Today, some scammers are creating false charitable groups that claim to raise money to help victims of tragedies like Hurricane Katrina, Super Storm Sandy and the Boston bombings.
Goodwin ended his talk by stating, "We need to work with communities and organization like the AARP."
Complaints can be filed with the U.S. Attorney's office by calling 304-345-2200 or by visiting the website: www.justice.gov/usao/wvs.
During the event's morning session, Joyce Sellers, a vice president of Wesbanco, urged people, "Never write down your PIN number for your debit card. Never give it on phone calls. And remember, people may be watching you when you use your card to get cash."
Sellers urged people to turn their computers off when they are not being used. "Computers that are on 24/7 are dreams for someone sitting somewhere trying to hack people's computers."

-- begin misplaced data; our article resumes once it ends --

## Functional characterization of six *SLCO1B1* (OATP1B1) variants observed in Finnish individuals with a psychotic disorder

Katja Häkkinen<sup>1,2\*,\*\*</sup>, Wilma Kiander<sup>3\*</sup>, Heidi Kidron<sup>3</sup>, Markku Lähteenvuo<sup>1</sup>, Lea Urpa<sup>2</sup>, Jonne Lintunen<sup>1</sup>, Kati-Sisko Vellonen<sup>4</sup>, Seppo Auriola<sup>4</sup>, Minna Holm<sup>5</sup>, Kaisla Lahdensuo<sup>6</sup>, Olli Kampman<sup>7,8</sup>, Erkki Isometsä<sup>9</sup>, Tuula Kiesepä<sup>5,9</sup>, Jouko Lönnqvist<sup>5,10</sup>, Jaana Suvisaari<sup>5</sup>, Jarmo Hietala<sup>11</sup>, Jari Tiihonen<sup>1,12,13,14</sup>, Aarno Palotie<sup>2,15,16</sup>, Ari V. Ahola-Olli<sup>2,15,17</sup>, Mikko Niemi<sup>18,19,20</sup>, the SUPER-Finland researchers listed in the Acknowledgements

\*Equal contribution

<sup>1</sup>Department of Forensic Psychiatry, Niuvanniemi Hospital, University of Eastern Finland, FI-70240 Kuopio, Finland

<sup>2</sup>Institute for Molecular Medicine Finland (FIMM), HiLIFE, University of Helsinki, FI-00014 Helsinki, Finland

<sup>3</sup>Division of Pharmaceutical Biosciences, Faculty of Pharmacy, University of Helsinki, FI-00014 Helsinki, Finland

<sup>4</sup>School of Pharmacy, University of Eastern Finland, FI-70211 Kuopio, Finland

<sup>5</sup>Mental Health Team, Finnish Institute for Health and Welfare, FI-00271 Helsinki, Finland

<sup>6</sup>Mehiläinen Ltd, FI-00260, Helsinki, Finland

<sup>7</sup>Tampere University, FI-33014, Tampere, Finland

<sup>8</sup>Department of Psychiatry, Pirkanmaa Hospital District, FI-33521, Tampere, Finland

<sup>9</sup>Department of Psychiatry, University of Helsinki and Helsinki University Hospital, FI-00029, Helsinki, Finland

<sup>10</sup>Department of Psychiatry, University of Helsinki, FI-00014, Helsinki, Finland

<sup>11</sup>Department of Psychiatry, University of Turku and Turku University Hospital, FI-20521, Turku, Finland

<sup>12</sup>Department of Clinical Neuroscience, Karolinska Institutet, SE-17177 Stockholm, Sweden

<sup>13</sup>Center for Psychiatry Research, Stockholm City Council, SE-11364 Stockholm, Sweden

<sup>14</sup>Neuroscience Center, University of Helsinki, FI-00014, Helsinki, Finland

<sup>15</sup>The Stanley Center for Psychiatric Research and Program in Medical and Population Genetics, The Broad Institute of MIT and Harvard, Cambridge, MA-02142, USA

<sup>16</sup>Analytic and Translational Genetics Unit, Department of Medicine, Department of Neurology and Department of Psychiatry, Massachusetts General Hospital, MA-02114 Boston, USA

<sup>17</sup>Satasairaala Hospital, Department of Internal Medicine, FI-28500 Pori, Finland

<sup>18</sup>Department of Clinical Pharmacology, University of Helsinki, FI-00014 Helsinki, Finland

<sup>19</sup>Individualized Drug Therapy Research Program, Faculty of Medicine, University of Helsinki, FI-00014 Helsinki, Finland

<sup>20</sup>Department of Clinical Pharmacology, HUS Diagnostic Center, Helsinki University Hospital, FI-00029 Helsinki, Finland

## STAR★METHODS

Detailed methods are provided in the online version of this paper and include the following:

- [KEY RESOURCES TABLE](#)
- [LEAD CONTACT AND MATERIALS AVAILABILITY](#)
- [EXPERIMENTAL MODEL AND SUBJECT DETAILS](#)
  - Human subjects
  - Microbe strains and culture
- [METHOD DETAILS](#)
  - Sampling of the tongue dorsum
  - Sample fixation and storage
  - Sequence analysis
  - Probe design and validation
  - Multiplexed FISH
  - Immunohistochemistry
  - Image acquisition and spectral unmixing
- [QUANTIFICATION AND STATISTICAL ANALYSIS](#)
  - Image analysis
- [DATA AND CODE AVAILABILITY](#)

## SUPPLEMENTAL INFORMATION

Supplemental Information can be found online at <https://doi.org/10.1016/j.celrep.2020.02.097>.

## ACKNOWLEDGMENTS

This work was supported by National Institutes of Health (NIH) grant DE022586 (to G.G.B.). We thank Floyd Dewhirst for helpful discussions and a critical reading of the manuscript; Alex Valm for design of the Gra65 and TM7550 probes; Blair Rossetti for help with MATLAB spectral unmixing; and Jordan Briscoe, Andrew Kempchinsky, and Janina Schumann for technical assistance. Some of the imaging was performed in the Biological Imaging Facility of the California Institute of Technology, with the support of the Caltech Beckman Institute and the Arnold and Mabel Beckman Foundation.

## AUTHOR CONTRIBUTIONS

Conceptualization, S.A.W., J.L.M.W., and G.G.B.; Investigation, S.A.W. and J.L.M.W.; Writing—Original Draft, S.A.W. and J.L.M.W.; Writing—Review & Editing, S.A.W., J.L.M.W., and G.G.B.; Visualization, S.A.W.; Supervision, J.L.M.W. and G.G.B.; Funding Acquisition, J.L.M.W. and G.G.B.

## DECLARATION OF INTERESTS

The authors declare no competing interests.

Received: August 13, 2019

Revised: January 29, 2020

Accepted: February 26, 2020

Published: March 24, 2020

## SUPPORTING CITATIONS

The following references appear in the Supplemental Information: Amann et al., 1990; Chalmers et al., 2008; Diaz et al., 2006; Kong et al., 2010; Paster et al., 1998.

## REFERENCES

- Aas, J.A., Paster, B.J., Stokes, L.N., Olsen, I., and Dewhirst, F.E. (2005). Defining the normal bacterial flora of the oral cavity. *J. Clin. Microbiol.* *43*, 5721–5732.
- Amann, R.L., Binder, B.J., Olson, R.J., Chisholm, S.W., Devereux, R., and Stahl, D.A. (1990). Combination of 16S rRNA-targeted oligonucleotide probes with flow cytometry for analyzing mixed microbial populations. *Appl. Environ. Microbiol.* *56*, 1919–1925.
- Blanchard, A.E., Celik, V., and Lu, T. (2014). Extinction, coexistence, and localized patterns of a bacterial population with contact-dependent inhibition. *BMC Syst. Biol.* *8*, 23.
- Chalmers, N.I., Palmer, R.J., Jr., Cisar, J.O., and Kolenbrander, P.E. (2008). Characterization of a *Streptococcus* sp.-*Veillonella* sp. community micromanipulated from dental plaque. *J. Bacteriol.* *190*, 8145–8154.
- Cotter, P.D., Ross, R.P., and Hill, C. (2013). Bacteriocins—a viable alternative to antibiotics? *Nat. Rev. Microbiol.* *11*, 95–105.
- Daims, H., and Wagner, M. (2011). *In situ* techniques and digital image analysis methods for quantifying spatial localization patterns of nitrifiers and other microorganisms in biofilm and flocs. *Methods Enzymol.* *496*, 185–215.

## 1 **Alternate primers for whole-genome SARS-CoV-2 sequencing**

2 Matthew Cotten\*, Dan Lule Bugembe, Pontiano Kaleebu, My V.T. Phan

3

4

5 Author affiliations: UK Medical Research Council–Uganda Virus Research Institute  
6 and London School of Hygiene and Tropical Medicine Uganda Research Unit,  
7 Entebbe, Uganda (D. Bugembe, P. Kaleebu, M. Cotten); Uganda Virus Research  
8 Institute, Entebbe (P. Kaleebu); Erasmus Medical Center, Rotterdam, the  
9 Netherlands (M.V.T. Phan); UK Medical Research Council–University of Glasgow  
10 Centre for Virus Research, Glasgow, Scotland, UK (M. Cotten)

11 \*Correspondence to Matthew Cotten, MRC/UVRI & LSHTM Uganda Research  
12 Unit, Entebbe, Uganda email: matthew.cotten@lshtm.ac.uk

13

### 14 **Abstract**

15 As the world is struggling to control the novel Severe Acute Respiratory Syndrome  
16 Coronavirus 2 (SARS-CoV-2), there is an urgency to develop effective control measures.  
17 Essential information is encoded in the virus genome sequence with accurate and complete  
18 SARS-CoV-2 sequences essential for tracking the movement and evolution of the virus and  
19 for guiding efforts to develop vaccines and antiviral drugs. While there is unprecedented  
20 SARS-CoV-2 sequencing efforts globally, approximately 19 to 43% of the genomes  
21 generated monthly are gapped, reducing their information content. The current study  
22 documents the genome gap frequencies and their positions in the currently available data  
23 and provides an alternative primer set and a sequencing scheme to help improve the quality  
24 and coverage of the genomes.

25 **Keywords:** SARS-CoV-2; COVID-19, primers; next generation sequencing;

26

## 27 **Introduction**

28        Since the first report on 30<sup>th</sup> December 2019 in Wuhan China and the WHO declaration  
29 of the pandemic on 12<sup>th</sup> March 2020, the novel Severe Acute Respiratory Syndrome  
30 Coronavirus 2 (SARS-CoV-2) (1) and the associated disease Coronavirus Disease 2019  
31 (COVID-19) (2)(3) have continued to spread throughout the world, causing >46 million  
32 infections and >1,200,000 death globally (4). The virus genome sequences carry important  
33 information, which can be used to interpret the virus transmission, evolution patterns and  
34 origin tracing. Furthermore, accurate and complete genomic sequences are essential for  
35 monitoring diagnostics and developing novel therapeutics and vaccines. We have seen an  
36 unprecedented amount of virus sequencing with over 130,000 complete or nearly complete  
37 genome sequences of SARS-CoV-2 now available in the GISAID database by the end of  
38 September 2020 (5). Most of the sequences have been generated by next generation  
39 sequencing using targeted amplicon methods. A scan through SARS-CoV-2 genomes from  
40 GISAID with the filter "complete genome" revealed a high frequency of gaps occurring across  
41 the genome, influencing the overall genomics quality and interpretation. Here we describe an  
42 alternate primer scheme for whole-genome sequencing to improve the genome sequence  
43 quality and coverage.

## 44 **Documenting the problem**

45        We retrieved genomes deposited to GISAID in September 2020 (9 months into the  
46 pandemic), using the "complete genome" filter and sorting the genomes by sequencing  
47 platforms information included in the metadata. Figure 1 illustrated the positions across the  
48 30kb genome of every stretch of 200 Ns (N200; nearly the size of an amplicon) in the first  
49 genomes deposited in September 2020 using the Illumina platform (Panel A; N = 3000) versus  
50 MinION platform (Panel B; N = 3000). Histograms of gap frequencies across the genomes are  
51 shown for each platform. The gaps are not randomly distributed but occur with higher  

Sellers also had advice for people who make purchases over the Internet.
Customers typically go to 'http' web pages. But before people enter any credit card numbers or data to pay for anything, they should make sure the site begins with "https," which indicates it is a secure web page.
Mary Charles, a security official with City National Bank, pointed out, "A lot of times, stealing comes from your own family."
Charles also urged online purchasers to check out the names and histories of companies from which they are making purchases. Charles said information available through Google or other search engines helps customers identify fraudulent operations.
West Virginia's AARP chapter can be reached by calling Tom Hunter at 304-340-4605 or visiting the website: www.aarp.org/wv.
Reach Paul J. Nyden at pjny...@wvgazette.com or 304-348-5164.